Federal Court of Appeals upholds California’s net neutrality law

Deepak Gupta January 29, 2022
Updated 2022/01/29 at 5:26 PM

A federal appeals court voted unanimously on Friday to uphold California’s decision. reports On the edge. A year after the Federal Communications Commission applied nationwide, the state passed its own set of laws. These rules prevented ISPs from blocking as well as limiting selected websites and services. However, California could enforce these laws due to two separate legal challenges.

The first came from the Department of Justice. Under former President Donald Trump, the agency sued the state, arguing that its laws were preempted by the FCC’s Obama-era repeal. In February 2021, the Department of Justice. Later that same month, a federal judge in a separate case involving several commercial telecommunications groups. This week’s decision stands by that decision.

In its ruling, the Ninth Circuit Court of Appeals said the lower court “correctly rejected” the injunction filed against California by the telecommunications industry. He said the FCC “no longer has the authority” to regulate internet services the way it did when it previously classified them as telecommunications services. “The agency, therefore, cannot preempt state action, such as SB-822, which protects net neutrality,” the court said.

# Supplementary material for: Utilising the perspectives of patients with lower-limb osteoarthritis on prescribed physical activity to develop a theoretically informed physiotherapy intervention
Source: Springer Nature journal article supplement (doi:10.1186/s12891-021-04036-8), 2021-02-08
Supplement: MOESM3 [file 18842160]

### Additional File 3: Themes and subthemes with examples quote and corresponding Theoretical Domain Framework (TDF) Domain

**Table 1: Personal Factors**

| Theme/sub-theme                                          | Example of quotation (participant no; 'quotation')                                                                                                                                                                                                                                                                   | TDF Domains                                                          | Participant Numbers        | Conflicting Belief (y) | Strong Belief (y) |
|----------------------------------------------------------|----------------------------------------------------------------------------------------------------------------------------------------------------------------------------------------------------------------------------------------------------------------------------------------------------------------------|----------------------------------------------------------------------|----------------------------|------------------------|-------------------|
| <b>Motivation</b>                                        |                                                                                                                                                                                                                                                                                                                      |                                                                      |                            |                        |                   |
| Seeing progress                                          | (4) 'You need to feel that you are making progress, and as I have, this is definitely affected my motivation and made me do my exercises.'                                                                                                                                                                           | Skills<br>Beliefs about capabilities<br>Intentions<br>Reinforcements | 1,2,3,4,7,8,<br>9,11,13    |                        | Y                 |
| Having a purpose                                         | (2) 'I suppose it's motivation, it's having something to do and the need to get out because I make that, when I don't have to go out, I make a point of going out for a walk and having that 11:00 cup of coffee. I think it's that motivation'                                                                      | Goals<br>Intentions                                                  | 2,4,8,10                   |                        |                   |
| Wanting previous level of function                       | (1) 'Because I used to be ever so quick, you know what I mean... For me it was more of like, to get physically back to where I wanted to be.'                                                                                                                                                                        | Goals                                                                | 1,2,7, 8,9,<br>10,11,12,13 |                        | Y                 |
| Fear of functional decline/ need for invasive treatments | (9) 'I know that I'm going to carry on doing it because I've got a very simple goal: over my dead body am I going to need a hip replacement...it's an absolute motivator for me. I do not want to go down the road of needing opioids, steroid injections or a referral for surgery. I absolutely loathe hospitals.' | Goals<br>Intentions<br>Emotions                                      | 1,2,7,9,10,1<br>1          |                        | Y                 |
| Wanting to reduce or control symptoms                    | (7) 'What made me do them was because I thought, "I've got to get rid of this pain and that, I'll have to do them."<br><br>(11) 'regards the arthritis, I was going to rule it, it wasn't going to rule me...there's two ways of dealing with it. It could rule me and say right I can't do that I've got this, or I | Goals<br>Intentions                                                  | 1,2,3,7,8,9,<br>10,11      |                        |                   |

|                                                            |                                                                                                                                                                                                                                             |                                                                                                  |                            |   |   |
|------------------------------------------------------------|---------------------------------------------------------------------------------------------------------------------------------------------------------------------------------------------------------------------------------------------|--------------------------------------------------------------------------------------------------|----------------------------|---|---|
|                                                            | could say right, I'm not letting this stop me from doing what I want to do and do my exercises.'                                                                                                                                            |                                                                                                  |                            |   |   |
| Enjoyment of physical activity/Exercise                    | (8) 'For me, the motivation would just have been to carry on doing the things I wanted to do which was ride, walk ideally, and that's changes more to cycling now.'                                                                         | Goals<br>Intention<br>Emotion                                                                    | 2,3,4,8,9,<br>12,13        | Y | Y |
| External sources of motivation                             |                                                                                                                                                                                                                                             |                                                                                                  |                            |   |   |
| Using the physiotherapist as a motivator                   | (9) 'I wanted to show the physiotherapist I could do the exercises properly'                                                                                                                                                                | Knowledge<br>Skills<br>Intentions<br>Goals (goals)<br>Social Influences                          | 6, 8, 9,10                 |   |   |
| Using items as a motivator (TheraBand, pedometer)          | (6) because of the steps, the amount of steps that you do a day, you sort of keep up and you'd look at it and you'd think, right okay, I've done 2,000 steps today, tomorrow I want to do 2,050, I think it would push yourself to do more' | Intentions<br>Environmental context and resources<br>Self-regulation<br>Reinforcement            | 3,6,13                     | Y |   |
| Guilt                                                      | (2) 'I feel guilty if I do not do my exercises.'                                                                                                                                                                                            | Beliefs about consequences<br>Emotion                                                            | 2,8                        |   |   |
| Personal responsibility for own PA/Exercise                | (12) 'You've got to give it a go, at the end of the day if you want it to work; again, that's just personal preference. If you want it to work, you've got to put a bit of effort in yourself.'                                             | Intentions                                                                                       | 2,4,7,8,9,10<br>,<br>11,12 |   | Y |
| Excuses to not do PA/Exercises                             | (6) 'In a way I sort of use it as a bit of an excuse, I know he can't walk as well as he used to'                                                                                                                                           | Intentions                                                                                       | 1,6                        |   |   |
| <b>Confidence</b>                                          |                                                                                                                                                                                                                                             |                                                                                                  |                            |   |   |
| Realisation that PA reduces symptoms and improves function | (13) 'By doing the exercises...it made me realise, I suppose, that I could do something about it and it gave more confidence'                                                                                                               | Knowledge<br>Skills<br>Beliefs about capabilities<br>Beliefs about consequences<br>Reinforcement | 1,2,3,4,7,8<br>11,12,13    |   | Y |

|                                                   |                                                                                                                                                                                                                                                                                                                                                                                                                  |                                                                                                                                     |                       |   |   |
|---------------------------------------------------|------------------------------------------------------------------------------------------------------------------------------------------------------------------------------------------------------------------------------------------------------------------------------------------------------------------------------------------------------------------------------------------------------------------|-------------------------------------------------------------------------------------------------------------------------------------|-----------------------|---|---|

The four business groups behind the original lawsuit — American Cable Association, CTIA, National Cable and Telecommunications Association and USTelecom — said they were “disappointed” with the decision and that they plan to review their options. “Again, a piecemeal approach to this issue is unsustainable and Congress must codify national rules for an open Internet once and for all,” the groups said. .

After months of stalemate at the FCC, federal action on net neutrality could come soon. Next week, the Senate Commerce Committee will decide whether to advance Gigi Sohn’s nomination to a full Senate vote. President Biden chose Sohn to fill the last vacant FCC commissioner seat. His confirmation would give the Democrats a three-to-two lead over the FCC, allowing him to advance the president’s telecommunications-related policies.

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